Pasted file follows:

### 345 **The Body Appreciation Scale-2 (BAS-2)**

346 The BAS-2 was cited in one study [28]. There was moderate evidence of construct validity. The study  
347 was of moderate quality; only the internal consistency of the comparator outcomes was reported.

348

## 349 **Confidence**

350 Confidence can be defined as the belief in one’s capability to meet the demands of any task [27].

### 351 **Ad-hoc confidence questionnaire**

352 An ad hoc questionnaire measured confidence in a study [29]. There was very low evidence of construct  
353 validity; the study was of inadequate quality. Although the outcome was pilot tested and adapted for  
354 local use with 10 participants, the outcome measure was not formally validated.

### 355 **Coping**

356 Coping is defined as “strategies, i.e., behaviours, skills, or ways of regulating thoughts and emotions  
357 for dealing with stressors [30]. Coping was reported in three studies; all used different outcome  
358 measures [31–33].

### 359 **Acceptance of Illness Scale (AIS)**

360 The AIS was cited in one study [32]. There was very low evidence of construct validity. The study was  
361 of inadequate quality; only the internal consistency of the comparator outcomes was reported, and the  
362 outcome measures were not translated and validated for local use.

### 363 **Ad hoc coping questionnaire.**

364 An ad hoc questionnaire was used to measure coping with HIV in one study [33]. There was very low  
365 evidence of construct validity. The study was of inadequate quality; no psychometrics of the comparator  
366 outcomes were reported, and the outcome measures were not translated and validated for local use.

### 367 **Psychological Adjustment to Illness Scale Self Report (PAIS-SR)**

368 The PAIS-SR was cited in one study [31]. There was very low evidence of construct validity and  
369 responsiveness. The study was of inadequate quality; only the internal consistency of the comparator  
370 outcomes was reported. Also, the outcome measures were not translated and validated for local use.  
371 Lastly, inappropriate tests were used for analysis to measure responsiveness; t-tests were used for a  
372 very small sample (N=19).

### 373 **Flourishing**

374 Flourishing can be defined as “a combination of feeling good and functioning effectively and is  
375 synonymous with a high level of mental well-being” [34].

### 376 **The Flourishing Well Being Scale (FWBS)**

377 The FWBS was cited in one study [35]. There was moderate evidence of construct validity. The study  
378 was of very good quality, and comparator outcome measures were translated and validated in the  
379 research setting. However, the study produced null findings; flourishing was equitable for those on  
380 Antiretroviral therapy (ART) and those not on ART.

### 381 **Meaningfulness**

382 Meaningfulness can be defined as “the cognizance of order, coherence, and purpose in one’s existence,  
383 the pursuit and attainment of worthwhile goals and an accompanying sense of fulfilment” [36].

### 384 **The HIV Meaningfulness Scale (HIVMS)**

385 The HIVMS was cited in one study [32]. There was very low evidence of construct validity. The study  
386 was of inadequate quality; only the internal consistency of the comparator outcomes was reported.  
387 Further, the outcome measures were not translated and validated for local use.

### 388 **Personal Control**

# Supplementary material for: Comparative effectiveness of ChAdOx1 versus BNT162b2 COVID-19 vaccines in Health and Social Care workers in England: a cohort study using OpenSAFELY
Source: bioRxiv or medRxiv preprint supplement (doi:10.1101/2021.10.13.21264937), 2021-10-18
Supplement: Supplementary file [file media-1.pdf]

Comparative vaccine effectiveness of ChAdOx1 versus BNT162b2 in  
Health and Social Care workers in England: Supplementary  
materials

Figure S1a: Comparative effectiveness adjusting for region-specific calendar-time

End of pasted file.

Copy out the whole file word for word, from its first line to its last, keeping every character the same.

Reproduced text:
### 345 **The Body Appreciation Scale-2 (BAS-2)**

346 The BAS-2 was cited in one study [28]. There was moderate evidence of construct validity. The study  
347 was of moderate quality; only the internal consistency of the comparator outcomes was reported.

348

## 349 **Confidence**

350 Confidence can be defined as the belief in one’s capability to meet the demands of any task [27].

### 351 **Ad-hoc confidence questionnaire**

352 An ad hoc questionnaire measured confidence in a study [29]. There was very low evidence of construct  
353 validity; the study was of inadequate quality. Although the outcome was pilot tested and adapted for  
354 local use with 10 participants, the outcome measure was not formally validated.

### 355 **Coping**

356 Coping is defined as “strategies, i.e., behaviours, skills, or ways of regulating thoughts and emotions  
357 for dealing with stressors [30]. Coping was reported in three studies; all used different outcome  
358 measures [31–33].

### 359 **Acceptance of Illness Scale (AIS)**

360 The AIS was cited in one study [32]. There was very low evidence of construct validity. The study was  
361 of inadequate quality; only the internal consistency of the comparator outcomes was reported, and the  
362 outcome measures were not translated and validated for local use.

### 363 **Ad hoc coping questionnaire.**

364 An ad hoc questionnaire was used to measure coping with HIV in one study [33]. There was very low  
365 evidence of construct validity. The study was of inadequate quality; no psychometrics of the comparator  
366 outcomes were reported, and the outcome measures were not translated and validated for local use.

### 367 **Psychological Adjustment to Illness Scale Self Report (PAIS-SR)**

368 The PAIS-SR was cited in one study [31]. There was very low evidence of construct validity and  
369 responsiveness. The study was of inadequate quality; only the internal consistency of the comparator  
370 outcomes was reported. Also, the outcome measures were not translated and validated for local use.  
371 Lastly, inappropriate tests were used for analysis to measure responsiveness; t-tests were used for a  
372 very small sample (N=19).

### 373 **Flourishing**

374 Flourishing can be defined as “a combination of feeling good and functioning effectively and is  
375 synonymous with a high level of mental well-being” [34].

### 376 **The Flourishing Well Being Scale (FWBS)**

377 The FWBS was cited in one study [35]. There was moderate evidence of construct validity. The study  
378 was of very good quality, and comparator outcome measures were translated and validated in the  
379 research setting. However, the study produced null findings; flourishing was equitable for those on  
380 Antiretroviral therapy (ART) and those not on ART.

### 381 **Meaningfulness**

382 Meaningfulness can be defined as “the cognizance of order, coherence, and purpose in one’s existence,  
383 the pursuit and attainment of worthwhile goals and an accompanying sense of fulfilment” [36].

### 384 **The HIV Meaningfulness Scale (HIVMS)**

385 The HIVMS was cited in one study [32]. There was very low evidence of construct validity. The study  
386 was of inadequate quality; only the internal consistency of the comparator outcomes was reported.  
387 Further, the outcome measures were not translated and validated for local use.

### 388 **Personal Control**

# Supplementary material for: Comparative effectiveness of ChAdOx1 versus BNT162b2 COVID-19 vaccines in Health and Social Care workers in England: a cohort study using OpenSAFELY
Source: bioRxiv or medRxiv preprint supplement (doi:10.1101/2021.10.13.21264937), 2021-10-18
Supplement: Supplementary file [file media-1.pdf]

Comparative vaccine effectiveness of ChAdOx1 versus BNT162b2 in  
Health and Social Care workers in England: Supplementary  
materials

Figure S1a: Comparative effectiveness adjusting for region-specific calendar-time